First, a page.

I have to devote several posts to describing our wonderful adventure in Mexico. It has been a year since then, and I still feel the Caribbean sun on my skin. I have bought a tortilladora in Valladolid after watching Mayan women make small, corn tortillas that we ate at every meal. I lugged heavy a molcajete y tejolote that I bought at the Farmers’ Market in Yucatan, convinced that salsas could taste as good as they did in Playa Del Carmen. I bought banana leaves, determined to make Cochinita Pibil, desperately trying to relive one more time the fresh, flavor-packed meals we ate in Mexico.
The first time I ever had ceviche, Nina and I were sitting at an outside table in a small seafood restaurant in Playa Del Carmen. It was a warm night, but the clouds were hanging low and a couple of raindrops fell intermittently on the concrete. The waiter told us that people did not eat seafood when it rained, apologizing for the lack of customers. It seemed that the Italian restaurant next door offered comfort food, but I could not imagine eating a plateful of spaghetti with Bolognese sauce on the coast of the Caribbean Sea.
We asked for recommendations and he brought us a fish ceviche for an appetizer. We are both enamoured with raw food, and we were looking forward to trying another approach to raw seafood. It was completely different from steak tartare, carpaccio, and even sushi in its preparation. It was well balanced, clean, acidic, and spicy, with a fresh aftertaste of cilantro.
I’ve made ceviche several times since then, always consulting Rick Bayless’ recipe from the book which I won during his Twitter contest. His recipe uses scallops and tropical fruit and it became a staple appetizer for any of our summer dinners. This month’s Daring Cooks’ Challenge took us to Perú, and one of the dishes we were supposed to make was Peruvian Fish Ceviche.
Our local grocery store, Henry’s Market, had beautiful corvina (sea bass) filets and I trust their meat department. The ceviche was extremely easy to make, and it was an enjoyable introduction to our fish dinner. The cubes of fish are marinated for 10-15 minutes with thinly sliced red onions, and served with corn and rounds of soft, boiled sweet potato, a completely new approach to our favorite summer nibble.
As I tasted every lime and jalapeño-infused morsel of fish, I remembered the warm Mexican night a year ago. One day College Kritter and I will be heading to Perú and I cannot wait to start planning again. I am looking forward to exploring the world with her, one ceviche at a time.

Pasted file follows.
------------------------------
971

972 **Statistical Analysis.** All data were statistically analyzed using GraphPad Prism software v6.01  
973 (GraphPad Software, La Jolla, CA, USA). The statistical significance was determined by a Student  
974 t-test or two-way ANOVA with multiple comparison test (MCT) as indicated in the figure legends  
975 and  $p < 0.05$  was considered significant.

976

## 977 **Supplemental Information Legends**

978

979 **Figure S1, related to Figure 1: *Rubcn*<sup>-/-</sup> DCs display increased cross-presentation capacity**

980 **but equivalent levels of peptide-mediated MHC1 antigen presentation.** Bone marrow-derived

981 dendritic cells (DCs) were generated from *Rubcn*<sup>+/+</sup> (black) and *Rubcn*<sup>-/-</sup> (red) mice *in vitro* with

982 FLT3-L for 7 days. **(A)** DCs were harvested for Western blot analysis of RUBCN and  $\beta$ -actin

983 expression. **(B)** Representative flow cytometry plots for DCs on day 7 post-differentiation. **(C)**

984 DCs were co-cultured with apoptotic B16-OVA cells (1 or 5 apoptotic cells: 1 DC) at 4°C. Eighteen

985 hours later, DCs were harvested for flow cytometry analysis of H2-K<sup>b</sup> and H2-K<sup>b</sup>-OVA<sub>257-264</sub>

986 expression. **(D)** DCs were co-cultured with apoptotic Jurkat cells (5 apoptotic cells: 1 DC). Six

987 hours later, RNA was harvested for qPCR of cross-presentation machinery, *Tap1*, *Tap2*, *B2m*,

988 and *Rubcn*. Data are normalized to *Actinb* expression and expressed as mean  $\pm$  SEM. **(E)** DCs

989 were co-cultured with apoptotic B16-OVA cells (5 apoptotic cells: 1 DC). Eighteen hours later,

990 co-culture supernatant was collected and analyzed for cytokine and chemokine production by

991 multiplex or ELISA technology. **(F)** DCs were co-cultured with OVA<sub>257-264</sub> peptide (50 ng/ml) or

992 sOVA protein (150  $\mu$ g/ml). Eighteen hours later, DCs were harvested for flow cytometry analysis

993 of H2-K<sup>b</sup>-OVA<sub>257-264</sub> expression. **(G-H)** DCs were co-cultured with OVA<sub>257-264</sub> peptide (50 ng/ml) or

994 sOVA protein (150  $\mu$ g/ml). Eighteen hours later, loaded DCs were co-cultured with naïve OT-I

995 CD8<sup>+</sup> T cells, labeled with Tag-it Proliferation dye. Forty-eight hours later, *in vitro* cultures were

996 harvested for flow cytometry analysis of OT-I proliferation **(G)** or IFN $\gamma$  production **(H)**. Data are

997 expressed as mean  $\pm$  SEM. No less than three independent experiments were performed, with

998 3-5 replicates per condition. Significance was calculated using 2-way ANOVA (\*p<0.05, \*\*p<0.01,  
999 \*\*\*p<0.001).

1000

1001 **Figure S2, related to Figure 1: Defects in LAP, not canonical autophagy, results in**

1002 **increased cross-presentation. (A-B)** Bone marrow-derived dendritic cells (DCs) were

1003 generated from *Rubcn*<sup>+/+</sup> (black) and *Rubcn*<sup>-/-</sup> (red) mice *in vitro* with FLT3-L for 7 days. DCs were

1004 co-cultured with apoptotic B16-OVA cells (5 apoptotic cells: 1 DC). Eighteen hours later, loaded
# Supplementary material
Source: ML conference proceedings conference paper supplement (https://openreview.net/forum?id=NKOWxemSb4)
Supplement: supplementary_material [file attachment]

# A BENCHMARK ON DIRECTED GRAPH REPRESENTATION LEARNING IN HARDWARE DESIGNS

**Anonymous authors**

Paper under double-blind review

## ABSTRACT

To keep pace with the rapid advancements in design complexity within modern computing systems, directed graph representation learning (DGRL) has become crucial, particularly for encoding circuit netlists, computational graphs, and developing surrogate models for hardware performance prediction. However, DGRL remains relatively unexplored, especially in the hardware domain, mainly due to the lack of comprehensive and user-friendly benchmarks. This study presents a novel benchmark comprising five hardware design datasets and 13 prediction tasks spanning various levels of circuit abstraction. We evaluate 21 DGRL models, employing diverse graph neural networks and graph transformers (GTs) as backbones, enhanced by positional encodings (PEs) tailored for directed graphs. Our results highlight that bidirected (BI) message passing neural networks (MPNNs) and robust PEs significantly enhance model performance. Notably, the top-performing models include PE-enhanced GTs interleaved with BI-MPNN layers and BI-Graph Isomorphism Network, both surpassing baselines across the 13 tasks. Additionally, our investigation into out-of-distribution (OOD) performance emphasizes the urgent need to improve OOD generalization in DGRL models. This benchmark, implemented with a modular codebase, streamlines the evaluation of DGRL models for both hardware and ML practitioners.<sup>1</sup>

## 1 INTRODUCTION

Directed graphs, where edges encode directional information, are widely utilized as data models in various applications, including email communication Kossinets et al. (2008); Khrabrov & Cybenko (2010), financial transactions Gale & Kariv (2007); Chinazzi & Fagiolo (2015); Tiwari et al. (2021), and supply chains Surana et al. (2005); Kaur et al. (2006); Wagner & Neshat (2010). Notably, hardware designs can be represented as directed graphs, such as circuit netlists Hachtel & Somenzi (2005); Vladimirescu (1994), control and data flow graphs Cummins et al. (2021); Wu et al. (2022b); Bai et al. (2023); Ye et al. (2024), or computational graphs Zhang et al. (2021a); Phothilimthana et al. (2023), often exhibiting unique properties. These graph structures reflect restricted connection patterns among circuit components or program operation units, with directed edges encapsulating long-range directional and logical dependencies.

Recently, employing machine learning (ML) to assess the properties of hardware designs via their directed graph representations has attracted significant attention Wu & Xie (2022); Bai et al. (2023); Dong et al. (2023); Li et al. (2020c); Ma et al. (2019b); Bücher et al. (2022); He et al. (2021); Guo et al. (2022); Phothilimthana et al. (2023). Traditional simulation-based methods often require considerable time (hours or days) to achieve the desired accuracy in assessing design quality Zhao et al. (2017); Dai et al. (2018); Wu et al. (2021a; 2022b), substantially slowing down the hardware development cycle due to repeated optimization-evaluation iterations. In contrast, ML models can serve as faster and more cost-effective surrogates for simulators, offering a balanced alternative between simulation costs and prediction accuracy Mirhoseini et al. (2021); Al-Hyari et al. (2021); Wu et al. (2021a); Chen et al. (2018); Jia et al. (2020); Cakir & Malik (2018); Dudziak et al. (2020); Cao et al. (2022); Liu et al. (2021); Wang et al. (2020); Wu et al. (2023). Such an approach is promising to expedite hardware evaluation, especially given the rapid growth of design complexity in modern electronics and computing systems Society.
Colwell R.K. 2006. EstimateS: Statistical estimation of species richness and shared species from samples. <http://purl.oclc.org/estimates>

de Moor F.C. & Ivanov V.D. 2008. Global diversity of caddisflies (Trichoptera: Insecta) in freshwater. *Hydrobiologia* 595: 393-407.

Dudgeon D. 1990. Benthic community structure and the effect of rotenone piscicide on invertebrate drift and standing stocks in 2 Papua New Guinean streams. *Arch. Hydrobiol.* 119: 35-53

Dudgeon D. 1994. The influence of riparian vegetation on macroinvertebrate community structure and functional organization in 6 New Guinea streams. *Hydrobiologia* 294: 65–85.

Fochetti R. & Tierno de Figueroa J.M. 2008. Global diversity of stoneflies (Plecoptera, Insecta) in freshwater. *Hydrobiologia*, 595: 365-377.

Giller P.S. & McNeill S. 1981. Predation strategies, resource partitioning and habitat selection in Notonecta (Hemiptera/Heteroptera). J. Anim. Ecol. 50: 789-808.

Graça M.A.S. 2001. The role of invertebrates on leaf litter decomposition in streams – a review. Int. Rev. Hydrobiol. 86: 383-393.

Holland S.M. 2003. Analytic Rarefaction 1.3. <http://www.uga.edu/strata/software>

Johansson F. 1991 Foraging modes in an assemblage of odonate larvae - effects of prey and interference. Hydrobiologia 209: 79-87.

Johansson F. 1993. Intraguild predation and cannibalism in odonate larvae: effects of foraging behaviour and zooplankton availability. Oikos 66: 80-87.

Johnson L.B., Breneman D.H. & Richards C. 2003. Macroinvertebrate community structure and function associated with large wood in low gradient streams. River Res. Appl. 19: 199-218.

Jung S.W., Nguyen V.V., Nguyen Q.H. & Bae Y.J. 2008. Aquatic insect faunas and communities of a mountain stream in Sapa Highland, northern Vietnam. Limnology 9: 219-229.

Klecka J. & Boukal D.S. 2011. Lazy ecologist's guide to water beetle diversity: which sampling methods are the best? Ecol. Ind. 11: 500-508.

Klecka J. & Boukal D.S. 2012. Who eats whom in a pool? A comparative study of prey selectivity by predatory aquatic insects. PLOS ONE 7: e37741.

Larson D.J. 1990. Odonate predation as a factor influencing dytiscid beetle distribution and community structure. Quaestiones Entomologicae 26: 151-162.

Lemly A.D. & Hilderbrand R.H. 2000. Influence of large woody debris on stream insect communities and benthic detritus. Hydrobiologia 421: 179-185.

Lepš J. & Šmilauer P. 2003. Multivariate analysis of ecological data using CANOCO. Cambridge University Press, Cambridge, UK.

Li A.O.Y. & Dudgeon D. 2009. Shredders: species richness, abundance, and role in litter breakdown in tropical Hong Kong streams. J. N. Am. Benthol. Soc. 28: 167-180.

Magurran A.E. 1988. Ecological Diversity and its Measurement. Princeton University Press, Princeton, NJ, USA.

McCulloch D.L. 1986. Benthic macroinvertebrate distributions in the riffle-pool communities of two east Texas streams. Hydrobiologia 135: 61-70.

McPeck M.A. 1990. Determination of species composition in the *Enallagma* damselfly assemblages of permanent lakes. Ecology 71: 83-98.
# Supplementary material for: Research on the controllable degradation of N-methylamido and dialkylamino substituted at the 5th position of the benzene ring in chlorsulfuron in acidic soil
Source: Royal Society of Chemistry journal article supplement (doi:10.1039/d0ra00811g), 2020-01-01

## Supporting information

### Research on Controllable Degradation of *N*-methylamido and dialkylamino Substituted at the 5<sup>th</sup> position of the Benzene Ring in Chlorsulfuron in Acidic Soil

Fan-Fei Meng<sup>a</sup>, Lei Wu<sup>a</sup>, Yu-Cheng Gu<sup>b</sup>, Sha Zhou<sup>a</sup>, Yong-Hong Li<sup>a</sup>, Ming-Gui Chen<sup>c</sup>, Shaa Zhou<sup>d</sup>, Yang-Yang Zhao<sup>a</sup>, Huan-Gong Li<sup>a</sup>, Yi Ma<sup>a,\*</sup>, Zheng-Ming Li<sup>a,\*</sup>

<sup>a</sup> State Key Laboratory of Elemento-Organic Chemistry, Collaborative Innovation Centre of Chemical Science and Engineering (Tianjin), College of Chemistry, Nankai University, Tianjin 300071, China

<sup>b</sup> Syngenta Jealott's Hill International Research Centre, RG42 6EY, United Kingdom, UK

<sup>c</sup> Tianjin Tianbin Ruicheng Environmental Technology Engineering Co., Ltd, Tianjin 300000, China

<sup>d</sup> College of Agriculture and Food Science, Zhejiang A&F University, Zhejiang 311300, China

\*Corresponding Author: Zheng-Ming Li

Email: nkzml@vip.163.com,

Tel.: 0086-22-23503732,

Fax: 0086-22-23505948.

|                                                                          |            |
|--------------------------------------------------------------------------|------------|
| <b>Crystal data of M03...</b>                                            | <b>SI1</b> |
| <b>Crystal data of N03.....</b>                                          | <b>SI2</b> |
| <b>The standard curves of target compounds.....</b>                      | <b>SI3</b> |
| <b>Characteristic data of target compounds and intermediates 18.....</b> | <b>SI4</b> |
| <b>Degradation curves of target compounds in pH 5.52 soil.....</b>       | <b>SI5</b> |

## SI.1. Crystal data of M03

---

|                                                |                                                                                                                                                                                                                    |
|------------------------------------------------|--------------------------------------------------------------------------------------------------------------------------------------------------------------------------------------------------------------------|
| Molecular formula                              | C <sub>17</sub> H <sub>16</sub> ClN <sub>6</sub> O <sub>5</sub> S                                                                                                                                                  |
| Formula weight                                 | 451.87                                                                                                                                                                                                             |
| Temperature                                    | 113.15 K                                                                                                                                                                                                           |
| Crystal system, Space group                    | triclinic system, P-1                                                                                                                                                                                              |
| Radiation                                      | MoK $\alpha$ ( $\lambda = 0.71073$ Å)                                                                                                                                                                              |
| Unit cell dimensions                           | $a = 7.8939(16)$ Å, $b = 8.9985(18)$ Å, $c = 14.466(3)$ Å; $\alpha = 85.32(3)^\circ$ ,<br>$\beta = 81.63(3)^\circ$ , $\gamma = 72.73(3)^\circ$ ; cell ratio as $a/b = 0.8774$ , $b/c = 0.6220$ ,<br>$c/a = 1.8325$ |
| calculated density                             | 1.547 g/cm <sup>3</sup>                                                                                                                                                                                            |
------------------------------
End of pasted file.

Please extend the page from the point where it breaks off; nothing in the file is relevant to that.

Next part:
Kathlyn of Bake Like a Ninja was our Daring Cooks’ March 2011 hostess. Kathlyn challenges us to make two classic Peruvian dishes: Ceviche de Pescado from “Peruvian Cooking – Basic Recipes” by Annik Franco Barreau. And Papas Rellenas adapted from a home recipe by Kathlyn’s Spanish teacher, Mayra.
CEVICHE DE PESCADO, from Peruvian Cooking – Basic Recipes, by Annik Franco Barreau
- 2 lbs. (about 1 kg) firm white fish (scallops or other seafood may be substituted)*
- 2 garlic cloves, mashed
- 1 chili pepper,
- 1 cup (240 ml) freshly squeezed lime juice (between 8-12 limes)
- 1 tablespoon cilantro, finely chopped
- 1 red onion, thinly sliced lengthwise
- Salt and pepper (to taste)
- 1 large sweet potato
- 1 large ear of corn
- Lettuce leaves
Boil sweet potato and corn (separately) if using for garnish. Allow to cool. (Can be done hours or even a day in advance). Wash and trim your fish. Slice into pieces between ½ inch (15 mm) cubes to 2 inch (50mm) pieces, depending on taste.** Place fish in a non-reactive, shallow pan in a thin layer. Season with salt and pepper.
Combine lime juice, chili pepper, coriander and garlic. Pour mixture over fish. Stir lightly to expose all the fish to some of the lime juice mixture. Put sliced onion on top of fish as it “cooks”. Let fish stand for 10 minutes. Lift fish out of the lime juice and plate individual portions, garnishing with lettuce, slices of sweet potato and slices or kernels of corn if using.
*It is important to use high quality, really fresh fish. You can use previously frozen The better your fish, the better your ceviche.
** The fish is going to “cook” in the lime juice – how thick you make the pieces will determine how much the fish cooks, so keep your own preference in mind when you are cutting the fish up.